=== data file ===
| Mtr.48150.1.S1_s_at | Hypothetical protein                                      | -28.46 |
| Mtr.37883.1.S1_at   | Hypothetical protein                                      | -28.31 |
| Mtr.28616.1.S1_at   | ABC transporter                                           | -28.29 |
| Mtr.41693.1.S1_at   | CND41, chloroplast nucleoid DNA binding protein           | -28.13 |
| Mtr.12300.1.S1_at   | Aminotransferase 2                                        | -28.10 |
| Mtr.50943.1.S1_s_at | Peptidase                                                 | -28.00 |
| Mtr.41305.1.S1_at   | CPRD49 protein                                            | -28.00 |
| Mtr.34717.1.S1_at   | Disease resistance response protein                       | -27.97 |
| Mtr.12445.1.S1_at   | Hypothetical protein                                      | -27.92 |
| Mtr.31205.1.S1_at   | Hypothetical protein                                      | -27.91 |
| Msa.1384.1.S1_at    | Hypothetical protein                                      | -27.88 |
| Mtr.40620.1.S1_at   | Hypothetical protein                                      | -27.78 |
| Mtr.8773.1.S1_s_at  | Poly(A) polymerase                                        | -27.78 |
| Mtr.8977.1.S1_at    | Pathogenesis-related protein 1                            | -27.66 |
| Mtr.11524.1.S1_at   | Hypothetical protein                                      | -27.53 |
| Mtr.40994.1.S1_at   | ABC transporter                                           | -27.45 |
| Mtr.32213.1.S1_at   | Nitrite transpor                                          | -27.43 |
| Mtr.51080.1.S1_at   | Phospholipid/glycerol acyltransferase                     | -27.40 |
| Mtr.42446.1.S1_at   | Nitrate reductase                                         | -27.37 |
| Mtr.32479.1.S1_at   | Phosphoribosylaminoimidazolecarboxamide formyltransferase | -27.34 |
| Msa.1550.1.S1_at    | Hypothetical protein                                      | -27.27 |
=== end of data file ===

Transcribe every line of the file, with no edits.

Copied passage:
| Mtr.48150.1.S1_s_at | Hypothetical protein                                      | -28.46 |
| Mtr.37883.1.S1_at   | Hypothetical protein                                      | -28.31 |
| Mtr.28616.1.S1_at   | ABC transporter                                           | -28.29 |
| Mtr.41693.1.S1_at   | CND41, chloroplast nucleoid DNA binding protein           | -28.13 |
| Mtr.12300.1.S1_at   | Aminotransferase 2                                        | -28.10 |
| Mtr.50943.1.S1_s_at | Peptidase                                                 | -28.00 |
| Mtr.41305.1.S1_at   | CPRD49 protein                                            | -28.00 |
| Mtr.34717.1.S1_at   | Disease resistance response protein                       | -27.97 |
| Mtr.12445.1.S1_at   | Hypothetical protein                                      | -27.92 |
| Mtr.31205.1.S1_at   | Hypothetical protein                                      | -27.91 |
| Msa.1384.1.S1_at    | Hypothetical protein                                      | -27.88 |
| Mtr.40620.1.S1_at   | Hypothetical protein                                      | -27.78 |
| Mtr.8773.1.S1_s_at  | Poly(A) polymerase                                        | -27.78 |
| Mtr.8977.1.S1_at    | Pathogenesis-related protein 1                            | -27.66 |
| Mtr.11524.1.S1_at   | Hypothetical protein                                      | -27.53 |
| Mtr.40994.1.S1_at   | ABC transporter                                           | -27.45 |
| Mtr.32213.1.S1_at   | Nitrite transpor                                          | -27.43 |
| Mtr.51080.1.S1_at   | Phospholipid/glycerol acyltransferase                     | -27.40 |
| Mtr.42446.1.S1_at   | Nitrate reductase                                         | -27.37 |
| Mtr.32479.1.S1_at   | Phosphoribosylaminoimidazolecarboxamide formyltransferase | -27.34 |
| Msa.1550.1.S1_at    | Hypothetical protein                                      | -27.27 |